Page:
Two giant brown bears recently taken on the Kenai Peninsula vie for the B&C record book.
Kenny Bingaman, from Alaska’s Kingsize Adventures hunting and fishing, believes that an exploding grizzly population means fewer black bears as the bigger grizzlies kill or drive out the smaller bears.
Bingaman maintains three bear-bait stations near Clam Gulch on Alaska’s Kenai Peninsula. Bingaman runs the stations in hopes of bagging a black bear, because he loves the meat.
“They’re just big black hairy greasy pigs,” he said. “To be honest I don’t care about killing a grizzly bear at all. I’m a black bear man. I pass them [brown bears] all up. It’d have to be the perfect 10-foot blonde with beautiful black legs.”
But since the Alaska Board of Game (BOG) approved the harvest of brown bears at black bear bait stations a couple years ago, it opened the door of opportunity for hunters to take some very big browns. Two friends of Bingaman’s, Duane Smith of Soldotna and Blaine Anliker of Chugiak capitalized on that opportunity with two huge brown bears taken from stands at Bingaman’s bait stations.
Smith’s bear’s skull measured at just under 30 inches while Anliker’s bear measured 29 inches. If, after the mandatory 60-day waiting period, Smith’s measurement is confirmed by Boone & Crockett, his bear could become the largest ever taken on the Kenai. The current record is 29¼. Anliker’s bear should also qualify for the record books.
Kenai area wildlife biologist Jeff Selinger confirmed, “That’s definitely big for brown bears. Last year we had a few large bears harvested as well. We’ve known for years there are some large brown bears on the Kenai Peninsula.”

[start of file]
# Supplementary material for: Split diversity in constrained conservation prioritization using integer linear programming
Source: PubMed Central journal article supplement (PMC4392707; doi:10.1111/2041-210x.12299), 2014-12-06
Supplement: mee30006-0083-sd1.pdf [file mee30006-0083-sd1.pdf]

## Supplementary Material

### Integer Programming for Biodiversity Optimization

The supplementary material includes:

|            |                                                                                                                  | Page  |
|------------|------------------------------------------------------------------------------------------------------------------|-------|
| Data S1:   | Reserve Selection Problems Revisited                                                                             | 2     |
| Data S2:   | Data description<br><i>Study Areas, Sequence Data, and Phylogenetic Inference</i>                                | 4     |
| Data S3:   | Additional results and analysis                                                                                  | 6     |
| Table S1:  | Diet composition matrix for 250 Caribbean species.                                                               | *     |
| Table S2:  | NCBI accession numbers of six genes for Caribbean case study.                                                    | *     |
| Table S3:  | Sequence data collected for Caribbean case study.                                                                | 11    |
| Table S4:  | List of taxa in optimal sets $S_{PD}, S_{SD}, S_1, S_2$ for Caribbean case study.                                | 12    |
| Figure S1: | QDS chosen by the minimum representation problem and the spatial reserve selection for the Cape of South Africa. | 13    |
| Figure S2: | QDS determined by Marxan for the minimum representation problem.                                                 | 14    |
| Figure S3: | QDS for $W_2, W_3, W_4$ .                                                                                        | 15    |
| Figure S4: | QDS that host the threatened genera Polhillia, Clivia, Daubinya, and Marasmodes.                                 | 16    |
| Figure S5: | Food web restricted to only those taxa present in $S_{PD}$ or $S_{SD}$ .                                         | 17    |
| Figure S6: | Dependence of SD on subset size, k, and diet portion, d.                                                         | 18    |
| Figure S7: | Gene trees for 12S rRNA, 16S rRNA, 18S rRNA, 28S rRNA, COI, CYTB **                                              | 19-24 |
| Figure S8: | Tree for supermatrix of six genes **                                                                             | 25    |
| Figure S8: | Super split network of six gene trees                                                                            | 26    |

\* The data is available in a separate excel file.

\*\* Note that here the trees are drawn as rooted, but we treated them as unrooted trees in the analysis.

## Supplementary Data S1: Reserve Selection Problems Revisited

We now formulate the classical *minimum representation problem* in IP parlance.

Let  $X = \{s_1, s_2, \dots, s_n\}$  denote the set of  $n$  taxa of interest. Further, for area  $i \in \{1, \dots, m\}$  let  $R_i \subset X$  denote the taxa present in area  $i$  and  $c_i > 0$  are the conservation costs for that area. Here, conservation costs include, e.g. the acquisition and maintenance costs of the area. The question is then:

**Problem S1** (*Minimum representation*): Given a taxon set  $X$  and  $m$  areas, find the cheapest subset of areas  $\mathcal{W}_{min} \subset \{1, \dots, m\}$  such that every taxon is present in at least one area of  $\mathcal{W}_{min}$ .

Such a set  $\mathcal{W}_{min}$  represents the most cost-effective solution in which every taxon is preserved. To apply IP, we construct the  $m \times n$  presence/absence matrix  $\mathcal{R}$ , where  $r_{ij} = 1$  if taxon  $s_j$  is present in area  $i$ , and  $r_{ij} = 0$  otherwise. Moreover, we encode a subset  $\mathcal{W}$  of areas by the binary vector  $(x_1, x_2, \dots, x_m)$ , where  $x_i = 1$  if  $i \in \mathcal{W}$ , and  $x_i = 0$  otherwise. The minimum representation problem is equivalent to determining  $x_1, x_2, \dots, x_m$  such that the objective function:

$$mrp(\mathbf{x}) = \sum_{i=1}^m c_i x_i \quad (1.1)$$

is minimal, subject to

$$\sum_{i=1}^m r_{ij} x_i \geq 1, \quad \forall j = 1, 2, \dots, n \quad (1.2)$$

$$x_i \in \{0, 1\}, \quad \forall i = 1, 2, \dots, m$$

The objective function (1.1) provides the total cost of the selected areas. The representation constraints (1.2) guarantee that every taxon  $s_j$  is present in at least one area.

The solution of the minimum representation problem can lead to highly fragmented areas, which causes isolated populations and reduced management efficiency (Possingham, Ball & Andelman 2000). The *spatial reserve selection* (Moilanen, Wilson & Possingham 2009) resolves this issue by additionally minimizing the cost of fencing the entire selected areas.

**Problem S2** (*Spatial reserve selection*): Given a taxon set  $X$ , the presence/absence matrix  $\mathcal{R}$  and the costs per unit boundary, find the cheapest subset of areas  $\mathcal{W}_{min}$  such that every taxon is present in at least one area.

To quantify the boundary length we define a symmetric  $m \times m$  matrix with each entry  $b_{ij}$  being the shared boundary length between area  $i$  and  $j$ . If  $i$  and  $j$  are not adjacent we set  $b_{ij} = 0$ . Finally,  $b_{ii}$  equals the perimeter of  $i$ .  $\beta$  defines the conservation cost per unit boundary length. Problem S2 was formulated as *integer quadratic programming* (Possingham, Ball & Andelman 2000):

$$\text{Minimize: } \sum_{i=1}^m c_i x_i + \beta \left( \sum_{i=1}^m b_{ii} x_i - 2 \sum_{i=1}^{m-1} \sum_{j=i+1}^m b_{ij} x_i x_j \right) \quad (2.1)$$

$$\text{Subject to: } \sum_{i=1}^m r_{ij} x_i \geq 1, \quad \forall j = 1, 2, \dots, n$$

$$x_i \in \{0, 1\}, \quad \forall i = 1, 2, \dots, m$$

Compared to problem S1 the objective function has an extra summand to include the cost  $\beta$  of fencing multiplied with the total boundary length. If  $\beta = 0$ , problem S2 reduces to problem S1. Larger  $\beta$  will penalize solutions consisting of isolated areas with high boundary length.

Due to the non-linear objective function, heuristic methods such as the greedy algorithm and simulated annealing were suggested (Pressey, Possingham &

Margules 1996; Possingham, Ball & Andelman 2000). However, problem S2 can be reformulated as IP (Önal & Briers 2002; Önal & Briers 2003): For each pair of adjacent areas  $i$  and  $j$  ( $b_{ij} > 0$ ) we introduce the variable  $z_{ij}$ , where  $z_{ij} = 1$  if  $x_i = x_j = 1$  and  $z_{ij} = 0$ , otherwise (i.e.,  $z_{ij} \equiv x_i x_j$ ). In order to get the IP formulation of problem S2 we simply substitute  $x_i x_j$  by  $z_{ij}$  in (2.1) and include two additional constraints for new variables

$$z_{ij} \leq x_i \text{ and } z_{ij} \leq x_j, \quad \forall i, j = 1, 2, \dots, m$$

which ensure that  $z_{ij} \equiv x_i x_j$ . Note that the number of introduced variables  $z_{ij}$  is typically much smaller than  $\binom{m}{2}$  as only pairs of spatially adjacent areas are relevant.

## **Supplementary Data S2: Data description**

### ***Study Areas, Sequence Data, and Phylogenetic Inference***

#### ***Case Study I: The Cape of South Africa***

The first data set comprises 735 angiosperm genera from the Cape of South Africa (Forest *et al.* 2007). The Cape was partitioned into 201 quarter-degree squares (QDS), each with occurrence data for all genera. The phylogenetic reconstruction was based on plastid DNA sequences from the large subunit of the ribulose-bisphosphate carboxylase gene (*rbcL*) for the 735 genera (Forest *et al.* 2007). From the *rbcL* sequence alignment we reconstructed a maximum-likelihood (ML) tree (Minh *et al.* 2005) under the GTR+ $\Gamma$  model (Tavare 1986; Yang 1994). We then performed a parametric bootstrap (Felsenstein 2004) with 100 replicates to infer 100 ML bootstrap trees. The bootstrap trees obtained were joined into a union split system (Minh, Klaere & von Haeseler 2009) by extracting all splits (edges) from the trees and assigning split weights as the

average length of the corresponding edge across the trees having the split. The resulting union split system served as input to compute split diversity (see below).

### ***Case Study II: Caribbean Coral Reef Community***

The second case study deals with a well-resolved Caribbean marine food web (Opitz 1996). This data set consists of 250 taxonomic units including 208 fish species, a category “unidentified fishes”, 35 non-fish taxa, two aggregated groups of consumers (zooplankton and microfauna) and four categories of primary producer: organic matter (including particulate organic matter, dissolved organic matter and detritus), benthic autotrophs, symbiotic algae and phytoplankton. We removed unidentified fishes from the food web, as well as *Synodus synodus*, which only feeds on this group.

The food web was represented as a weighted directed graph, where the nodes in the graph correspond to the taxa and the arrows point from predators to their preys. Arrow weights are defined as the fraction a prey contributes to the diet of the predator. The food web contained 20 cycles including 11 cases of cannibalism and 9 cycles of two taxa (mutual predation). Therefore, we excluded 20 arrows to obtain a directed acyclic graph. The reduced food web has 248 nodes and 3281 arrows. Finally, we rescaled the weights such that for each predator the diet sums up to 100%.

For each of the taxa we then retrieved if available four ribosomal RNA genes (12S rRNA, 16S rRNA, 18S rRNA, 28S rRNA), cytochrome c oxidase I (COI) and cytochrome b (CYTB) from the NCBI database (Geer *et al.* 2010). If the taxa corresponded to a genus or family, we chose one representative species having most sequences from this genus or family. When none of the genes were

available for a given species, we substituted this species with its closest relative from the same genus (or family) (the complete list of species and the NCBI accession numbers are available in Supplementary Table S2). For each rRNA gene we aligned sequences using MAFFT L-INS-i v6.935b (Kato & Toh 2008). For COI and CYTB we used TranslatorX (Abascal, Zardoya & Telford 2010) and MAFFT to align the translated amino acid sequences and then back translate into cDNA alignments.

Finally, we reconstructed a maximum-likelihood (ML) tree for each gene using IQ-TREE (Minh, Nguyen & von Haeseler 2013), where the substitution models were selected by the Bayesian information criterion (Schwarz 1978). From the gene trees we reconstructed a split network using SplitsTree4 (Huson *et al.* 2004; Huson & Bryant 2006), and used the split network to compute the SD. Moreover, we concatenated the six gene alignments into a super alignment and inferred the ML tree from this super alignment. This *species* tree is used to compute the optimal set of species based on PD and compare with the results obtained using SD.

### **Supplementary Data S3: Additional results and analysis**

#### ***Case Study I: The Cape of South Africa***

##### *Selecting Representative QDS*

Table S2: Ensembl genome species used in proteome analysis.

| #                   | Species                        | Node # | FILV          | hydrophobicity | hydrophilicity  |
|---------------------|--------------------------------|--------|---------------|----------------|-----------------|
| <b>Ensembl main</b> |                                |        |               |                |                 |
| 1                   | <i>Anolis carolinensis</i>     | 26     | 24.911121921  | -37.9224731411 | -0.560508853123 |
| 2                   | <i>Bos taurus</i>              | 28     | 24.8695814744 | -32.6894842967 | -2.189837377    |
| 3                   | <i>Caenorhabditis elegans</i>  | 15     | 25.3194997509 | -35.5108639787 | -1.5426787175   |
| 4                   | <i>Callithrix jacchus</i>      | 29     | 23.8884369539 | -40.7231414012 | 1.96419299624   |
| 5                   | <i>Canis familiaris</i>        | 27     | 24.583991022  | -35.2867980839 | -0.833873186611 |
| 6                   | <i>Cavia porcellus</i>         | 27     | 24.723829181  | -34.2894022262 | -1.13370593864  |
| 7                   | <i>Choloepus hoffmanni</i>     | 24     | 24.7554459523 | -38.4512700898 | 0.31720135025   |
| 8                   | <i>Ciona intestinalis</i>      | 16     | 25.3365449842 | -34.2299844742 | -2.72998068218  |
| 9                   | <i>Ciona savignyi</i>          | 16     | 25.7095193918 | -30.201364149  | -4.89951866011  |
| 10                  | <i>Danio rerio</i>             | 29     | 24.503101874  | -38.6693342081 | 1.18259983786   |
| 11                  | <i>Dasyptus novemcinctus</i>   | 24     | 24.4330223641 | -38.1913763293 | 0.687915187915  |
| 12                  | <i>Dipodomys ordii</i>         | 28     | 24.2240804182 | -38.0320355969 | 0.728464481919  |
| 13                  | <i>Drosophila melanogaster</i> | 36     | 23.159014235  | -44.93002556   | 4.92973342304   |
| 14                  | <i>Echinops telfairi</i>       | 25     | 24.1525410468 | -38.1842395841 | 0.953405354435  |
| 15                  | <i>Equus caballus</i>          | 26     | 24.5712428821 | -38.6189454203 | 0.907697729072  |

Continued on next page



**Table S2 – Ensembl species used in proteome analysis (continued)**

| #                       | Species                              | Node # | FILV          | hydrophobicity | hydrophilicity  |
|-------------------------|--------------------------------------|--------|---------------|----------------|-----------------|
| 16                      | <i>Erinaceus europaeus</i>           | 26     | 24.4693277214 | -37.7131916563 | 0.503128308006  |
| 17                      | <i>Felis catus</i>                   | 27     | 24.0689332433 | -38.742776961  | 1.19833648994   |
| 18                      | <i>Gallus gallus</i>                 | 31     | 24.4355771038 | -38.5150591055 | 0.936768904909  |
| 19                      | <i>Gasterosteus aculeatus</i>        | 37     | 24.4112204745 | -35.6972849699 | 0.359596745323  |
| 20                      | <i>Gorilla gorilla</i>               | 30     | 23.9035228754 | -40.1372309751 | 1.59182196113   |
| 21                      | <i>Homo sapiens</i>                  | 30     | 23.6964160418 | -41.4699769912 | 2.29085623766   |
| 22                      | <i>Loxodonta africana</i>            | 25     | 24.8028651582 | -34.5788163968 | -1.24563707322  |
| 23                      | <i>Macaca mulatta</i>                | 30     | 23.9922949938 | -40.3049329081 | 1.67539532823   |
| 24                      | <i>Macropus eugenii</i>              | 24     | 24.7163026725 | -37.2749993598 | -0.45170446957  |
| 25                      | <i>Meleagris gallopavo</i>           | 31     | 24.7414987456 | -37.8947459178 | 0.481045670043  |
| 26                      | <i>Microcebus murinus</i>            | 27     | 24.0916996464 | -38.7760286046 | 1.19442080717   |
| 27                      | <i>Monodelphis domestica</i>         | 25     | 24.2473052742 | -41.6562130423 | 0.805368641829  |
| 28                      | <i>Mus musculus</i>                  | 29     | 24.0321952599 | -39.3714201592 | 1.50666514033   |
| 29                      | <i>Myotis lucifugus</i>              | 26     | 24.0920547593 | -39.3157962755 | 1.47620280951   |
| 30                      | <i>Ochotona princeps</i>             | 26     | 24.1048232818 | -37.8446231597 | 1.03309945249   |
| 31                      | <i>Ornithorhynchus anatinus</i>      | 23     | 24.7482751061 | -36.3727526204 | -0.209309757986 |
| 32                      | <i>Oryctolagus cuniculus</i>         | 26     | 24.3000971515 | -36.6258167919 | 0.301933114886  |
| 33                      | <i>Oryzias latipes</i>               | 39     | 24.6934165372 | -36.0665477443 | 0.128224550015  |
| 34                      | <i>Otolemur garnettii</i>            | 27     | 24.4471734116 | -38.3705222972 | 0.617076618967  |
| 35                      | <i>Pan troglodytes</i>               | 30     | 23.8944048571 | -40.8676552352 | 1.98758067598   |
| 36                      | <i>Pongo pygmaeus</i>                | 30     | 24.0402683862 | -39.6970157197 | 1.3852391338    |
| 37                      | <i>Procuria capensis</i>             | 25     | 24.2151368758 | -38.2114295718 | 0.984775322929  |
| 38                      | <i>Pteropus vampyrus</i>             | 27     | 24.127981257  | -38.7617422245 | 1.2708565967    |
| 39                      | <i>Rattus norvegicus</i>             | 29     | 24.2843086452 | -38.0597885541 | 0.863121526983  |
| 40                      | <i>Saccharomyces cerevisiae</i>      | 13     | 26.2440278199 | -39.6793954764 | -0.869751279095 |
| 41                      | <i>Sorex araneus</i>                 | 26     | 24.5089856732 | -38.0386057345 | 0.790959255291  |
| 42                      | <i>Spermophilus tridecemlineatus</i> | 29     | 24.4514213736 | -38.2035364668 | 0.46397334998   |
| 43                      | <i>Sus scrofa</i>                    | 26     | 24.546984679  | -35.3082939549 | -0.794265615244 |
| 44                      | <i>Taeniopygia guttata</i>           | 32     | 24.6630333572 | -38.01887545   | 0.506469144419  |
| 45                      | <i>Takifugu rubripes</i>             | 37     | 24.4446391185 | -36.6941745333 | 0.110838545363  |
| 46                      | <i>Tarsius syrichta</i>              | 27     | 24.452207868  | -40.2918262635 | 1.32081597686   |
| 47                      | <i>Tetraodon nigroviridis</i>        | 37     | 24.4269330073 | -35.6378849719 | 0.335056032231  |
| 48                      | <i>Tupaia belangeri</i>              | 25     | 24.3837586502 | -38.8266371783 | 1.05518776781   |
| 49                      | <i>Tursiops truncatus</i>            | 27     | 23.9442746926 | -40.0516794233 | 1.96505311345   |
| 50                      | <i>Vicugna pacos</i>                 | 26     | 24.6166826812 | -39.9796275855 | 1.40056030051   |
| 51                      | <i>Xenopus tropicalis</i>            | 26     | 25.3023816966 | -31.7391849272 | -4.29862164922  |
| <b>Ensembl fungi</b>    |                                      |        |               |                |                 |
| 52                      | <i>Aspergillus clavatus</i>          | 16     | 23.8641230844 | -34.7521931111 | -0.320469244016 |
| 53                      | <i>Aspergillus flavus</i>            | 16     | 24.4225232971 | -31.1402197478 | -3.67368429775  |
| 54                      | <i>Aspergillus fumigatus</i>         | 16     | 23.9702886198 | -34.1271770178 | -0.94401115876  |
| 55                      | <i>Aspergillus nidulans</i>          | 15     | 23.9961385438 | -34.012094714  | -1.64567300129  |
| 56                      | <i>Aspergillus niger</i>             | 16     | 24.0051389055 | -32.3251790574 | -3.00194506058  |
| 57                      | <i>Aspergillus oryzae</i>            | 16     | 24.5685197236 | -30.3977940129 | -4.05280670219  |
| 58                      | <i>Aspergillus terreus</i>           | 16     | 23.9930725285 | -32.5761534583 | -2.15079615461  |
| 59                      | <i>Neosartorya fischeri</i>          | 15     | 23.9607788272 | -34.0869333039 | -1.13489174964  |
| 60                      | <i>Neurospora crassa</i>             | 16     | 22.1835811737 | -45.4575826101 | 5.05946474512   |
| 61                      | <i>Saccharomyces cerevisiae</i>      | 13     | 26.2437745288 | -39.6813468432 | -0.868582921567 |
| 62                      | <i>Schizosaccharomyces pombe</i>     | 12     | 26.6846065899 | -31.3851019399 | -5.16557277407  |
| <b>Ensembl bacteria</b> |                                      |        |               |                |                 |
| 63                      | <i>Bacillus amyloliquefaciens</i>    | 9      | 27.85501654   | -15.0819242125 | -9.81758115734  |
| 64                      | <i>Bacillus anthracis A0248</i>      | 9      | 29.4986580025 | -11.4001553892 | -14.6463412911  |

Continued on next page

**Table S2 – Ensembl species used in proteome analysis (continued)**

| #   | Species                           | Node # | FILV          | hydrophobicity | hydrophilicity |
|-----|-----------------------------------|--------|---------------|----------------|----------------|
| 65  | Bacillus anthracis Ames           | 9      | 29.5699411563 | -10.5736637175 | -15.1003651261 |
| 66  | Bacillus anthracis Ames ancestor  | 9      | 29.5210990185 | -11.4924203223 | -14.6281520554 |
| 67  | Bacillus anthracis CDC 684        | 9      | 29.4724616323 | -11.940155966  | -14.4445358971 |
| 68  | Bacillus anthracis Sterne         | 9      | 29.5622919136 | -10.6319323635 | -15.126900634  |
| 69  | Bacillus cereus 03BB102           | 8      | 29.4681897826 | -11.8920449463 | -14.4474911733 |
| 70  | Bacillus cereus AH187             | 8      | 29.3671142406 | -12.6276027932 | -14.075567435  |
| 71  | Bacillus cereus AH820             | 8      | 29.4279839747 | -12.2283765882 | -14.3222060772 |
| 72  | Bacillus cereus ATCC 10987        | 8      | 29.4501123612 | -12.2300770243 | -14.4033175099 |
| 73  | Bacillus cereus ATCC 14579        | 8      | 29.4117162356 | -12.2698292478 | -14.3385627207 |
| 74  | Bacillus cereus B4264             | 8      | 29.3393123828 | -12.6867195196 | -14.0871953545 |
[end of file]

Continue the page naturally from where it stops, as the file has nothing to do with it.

Anliker’s bear’s front paw pad measured 11½ inches. The hide squared to 10 feet 7 inches. According to Alaska Dispatch News, Bingaman also reported that “after the head, hide, paws and about 75 pounds of meat had been removed, the carcass weighed 974 pounds.” Blaine Anliker is shown with his bear in the featured image above.
Alaska Dispatch News also indicates that “Smith’s bear’s hide squared at 10 feet. One of its front paws measured 10¼ inches and its carcass, minus the head, hide and paws, weighed 880 pounds.”
Below, Duane Smith holds the mouth of his massive brown bear.
Bingaman believes that an exploding brown bear population is wreaking havoc on black bear numbers. “Brown bears eat them,” he said. “They drive them away.”
Bingaman and others believe the Kenai brown bear population numbers approach 2,500, But wildlife officials dispute that estimation. “There’s no evidence to suggest the brown bear population is anywhere near that high,” Sellinger countered.
Yet the Department of Fish and Game has not attempted an official count since the 1980s.
Bingaman uses cameras at his bait stations to record bear activity, and he has seen significant and quantifiable declines – to single digits – in black bear sightings over the past several years, while the number of brown bear sightings has increased dramatically, quadrupling into the hundreds.
Anliker supports Bingaman’s assessment, from his own experience and bear sightings while hunting. “If you see a couple mice in your house, you’ve got a lot of mice,” says Anliker. “It’s a small area that he’s drawing from, and there’s a lot of bears down there.”
A lot of big bears.
Note: The story indicates that Smith’s bear’s skull is larger than that of Anliker’s bear, while also reporting that the hide, paw measurement and weight of Anliker’s bear exceeds Smith’s bear.
Two different source articles indicate that Smith’s bear’s skull is the one up for B&C record consideration, but only one of the sources discusses the other measurements (hide, paw, weight) and attributes those to Anliker’s bear.
At this point, with no further information to either confirm or correct the odd discrepancy, we are reporting the numbers exactly how the Alaska Dispatch News reported them.